Figure 1

Prevalence of seat belt use for front seat occupants in cars with at least one front seat occupant death. Risk ratio for death of a belted occupant compared with an unbelted occupant in the same vehicle, according to calendar year of crash. Data from Cummings et al.20

Changes in effect estimates over time could arise for several reasons.22 It is possible that seat belts used in recent years were more effective than those used in the past. This theory seems unlikely, as colleagues and I have reported evidence of a trend in risk ratio estimates related to the year in which a vehicle crashed, but no evidence that belt effects changed according to car model year.20 If seat belts were more effective in certain crashes or for certain occupants, and if these crashes or occupants became more common, then belts would appear to become more effective over time. This theory also seems doubtful, because in vehicles that crashed there was little change over time in median speed, mean deformity, the proportion that had a frontal impact, the proportion that rolled over, or the median age of belted or unbelted occupants.20

Another theory is that non-differential misclassification of seat belt use, unrelated to whether the occupant lived or died, might account for the changes in risk ratio estimates.20,23,24 Non-differential misclassification refers to misclassification of an exposure (seat belt use) that is not related to the outcome (death in this study). Seat belt use might be inaccurately recorded on some police records or incorrectly entered into the computer files used for analysis. Non-differential misclassification of a binary exposure will bias risk ratio estimates toward 1.24 If misclassification of this kind decreased over time, then the estimated risk ratio would move away from 1.0 toward its true value.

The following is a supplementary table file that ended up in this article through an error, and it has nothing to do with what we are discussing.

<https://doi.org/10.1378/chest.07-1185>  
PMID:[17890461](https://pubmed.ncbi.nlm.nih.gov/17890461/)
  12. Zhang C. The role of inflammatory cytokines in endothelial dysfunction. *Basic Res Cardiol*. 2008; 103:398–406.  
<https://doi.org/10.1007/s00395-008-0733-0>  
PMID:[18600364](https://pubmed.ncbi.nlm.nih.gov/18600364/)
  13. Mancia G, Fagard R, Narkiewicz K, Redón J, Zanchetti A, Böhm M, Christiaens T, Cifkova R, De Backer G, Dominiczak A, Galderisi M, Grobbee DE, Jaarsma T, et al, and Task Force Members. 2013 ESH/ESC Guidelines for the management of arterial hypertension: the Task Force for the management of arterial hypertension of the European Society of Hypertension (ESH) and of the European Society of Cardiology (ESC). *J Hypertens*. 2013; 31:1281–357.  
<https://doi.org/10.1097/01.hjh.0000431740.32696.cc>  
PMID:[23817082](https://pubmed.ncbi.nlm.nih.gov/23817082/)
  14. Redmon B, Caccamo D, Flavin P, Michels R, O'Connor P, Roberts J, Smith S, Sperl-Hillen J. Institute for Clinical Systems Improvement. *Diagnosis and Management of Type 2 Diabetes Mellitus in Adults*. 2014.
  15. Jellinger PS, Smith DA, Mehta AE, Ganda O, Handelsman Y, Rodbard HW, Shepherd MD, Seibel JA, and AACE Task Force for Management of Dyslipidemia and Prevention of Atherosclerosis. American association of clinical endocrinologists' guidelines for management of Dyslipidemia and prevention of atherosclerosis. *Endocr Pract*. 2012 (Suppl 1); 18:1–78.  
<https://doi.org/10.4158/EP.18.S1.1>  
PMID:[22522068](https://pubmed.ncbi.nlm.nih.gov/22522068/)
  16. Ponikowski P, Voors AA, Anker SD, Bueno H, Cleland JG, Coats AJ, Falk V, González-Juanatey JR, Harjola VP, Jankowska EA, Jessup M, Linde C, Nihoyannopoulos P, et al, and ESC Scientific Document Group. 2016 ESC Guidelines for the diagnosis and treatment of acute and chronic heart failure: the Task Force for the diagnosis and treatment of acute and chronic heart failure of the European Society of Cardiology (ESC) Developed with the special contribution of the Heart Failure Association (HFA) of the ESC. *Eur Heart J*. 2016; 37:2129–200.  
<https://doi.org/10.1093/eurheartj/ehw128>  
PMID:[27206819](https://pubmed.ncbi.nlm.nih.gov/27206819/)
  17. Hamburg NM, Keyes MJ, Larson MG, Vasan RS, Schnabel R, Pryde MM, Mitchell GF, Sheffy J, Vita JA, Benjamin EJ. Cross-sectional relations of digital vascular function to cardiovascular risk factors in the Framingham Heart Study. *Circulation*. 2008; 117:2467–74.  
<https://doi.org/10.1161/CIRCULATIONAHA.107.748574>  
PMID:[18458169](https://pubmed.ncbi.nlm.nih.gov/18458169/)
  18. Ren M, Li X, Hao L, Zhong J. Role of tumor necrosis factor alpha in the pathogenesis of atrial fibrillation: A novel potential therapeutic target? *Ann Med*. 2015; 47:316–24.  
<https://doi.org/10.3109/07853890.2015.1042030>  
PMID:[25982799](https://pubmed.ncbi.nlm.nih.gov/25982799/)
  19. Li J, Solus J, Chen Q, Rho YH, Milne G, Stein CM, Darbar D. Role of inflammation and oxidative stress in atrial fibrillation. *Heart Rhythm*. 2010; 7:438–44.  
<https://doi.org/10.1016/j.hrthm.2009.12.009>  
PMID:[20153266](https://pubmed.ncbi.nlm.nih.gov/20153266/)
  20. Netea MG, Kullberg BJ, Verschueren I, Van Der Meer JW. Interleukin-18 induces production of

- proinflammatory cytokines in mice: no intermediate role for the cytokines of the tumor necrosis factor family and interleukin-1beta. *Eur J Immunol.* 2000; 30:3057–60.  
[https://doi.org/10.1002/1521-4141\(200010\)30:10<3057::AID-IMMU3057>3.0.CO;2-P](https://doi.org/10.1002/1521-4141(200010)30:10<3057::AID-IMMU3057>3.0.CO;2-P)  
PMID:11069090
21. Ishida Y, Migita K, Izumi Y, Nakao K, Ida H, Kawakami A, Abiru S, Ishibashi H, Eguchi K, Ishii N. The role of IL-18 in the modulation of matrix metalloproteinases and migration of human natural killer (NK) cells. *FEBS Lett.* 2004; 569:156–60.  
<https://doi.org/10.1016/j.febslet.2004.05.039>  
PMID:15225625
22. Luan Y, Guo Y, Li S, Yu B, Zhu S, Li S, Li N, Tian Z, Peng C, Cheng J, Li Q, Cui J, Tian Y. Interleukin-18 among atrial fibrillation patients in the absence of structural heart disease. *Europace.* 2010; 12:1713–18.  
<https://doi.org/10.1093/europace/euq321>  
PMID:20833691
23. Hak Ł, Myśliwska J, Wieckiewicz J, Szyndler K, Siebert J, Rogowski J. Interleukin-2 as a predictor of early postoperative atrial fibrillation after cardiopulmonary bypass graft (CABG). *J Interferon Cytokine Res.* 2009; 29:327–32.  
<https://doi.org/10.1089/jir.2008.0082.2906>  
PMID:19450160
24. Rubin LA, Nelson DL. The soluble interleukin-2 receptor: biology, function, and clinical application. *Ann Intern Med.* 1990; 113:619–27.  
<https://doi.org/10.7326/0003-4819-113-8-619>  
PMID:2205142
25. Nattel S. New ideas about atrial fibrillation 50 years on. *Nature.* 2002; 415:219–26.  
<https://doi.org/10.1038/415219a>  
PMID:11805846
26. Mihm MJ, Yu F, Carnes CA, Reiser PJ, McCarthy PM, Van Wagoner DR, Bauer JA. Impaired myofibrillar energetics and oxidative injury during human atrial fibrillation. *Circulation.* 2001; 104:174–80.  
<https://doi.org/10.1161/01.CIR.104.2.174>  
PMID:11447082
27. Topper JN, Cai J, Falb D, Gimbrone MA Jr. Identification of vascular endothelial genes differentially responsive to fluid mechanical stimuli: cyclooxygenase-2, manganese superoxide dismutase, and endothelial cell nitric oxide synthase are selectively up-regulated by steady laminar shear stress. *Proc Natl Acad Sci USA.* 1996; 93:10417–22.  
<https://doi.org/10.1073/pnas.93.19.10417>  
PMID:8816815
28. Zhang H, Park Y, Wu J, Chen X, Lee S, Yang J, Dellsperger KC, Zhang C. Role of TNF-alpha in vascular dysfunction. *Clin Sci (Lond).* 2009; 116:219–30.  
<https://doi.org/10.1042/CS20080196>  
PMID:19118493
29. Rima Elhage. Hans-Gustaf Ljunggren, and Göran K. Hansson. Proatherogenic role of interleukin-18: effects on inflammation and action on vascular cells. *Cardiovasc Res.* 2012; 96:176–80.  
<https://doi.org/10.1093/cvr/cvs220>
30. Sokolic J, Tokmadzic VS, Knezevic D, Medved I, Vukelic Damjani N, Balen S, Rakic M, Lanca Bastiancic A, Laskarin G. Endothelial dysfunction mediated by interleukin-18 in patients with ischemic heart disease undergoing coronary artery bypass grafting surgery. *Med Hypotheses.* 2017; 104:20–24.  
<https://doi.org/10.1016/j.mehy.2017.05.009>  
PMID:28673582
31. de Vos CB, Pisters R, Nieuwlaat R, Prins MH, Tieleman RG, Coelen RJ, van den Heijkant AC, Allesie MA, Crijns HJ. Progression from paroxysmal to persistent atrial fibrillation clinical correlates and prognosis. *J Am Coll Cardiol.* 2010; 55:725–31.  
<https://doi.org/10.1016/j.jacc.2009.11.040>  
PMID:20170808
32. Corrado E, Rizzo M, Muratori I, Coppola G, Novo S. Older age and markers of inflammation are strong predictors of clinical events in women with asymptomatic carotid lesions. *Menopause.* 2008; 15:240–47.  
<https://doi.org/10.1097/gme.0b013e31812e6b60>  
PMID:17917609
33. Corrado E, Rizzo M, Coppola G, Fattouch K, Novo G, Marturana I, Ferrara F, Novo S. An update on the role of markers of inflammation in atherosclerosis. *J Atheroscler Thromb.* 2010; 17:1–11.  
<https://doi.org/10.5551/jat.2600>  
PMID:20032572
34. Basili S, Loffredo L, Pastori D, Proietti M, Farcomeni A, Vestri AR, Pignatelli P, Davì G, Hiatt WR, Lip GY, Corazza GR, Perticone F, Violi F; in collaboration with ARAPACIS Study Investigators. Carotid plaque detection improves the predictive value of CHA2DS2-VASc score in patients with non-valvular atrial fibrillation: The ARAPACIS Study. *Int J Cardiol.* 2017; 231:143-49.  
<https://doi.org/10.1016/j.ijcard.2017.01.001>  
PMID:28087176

Alternatively, a constant amount of non-differential misclassification, combined with the substantial increase in seat belt use that occurred during the 1980s, could produce a change in risk ratio estimates over time.20,22–24 Fewer than 4% of occupants were classified as belted in 1980, among driver-passenger pairs with at least one death (fig 1).20 If just 2% of belted and unbelted occupants were misclassified due to coding errors, this could cause a great deal of bias in the risk ratio when belt use was rare, because misclassification of just a small proportion of unbelted occupants to the belted group would greatly increase the proportion of occupants classified as both belted and dead; colleagues and I have shown by numerical example that this could bias a true risk ratio of 0.35 to 0.61.20 But with time, as belt use increased, the same amount of misclassification would cause only minimal bias. The present study offers support to this theory; if we accept the CDS investigator determination of belt use as accurate, the amount of non-differential misclassification in police data was about 7% in both directions.

Studies using United States crash data before 1986 have generally estimated a risk ratio for seat belt effects of about 0.55.4,25–27 After about 1984, seat belt risk ratio estimates based upon the same methods and source of data have moved to about 0.40.4,20 This change could, as described above, be due either to false claims of belt use by crash survivors which are recorded by police (in which case the older estimates would be less biased) or to a decrease in the influence of non-differential misclassification as belt use became more common (in which case the more recent estimates would be less biased). In this study I found evidence that supports the non-differential misclassification theory.

The risk ratio estimate from this study of CDS data was 0.36, similar to estimates of 0.39 (95% CI 0.37 to 0.41) and 0.35 (95% CI 0.33 to 0.36) from two matched cohort studies of recent FARS data conducted by myself and colleagues.20,28 Based on the findings of this study, false reporting of belt use by crash survivors is probably not an important sources of bias in these estimates. If these estimates reflect a true benefit of seat belts, they suggest that use of belts can prevent about six of 10 deaths that otherwise would occur in an automobile crash.


This work was supported by grants R49/CCR002570 and R49/CCR019477–01 from the Centers for Disease Control and Prevention, Atlanta, GA. I thank Christopher Mack for programming help with the CDS data files, Robert Kaufman, who was a CDS crash investigator for 12 years, for advice about CDS procedures and variables, and Frederick P Rivara and Noel S Weiss for suggestions regarding the manuscript.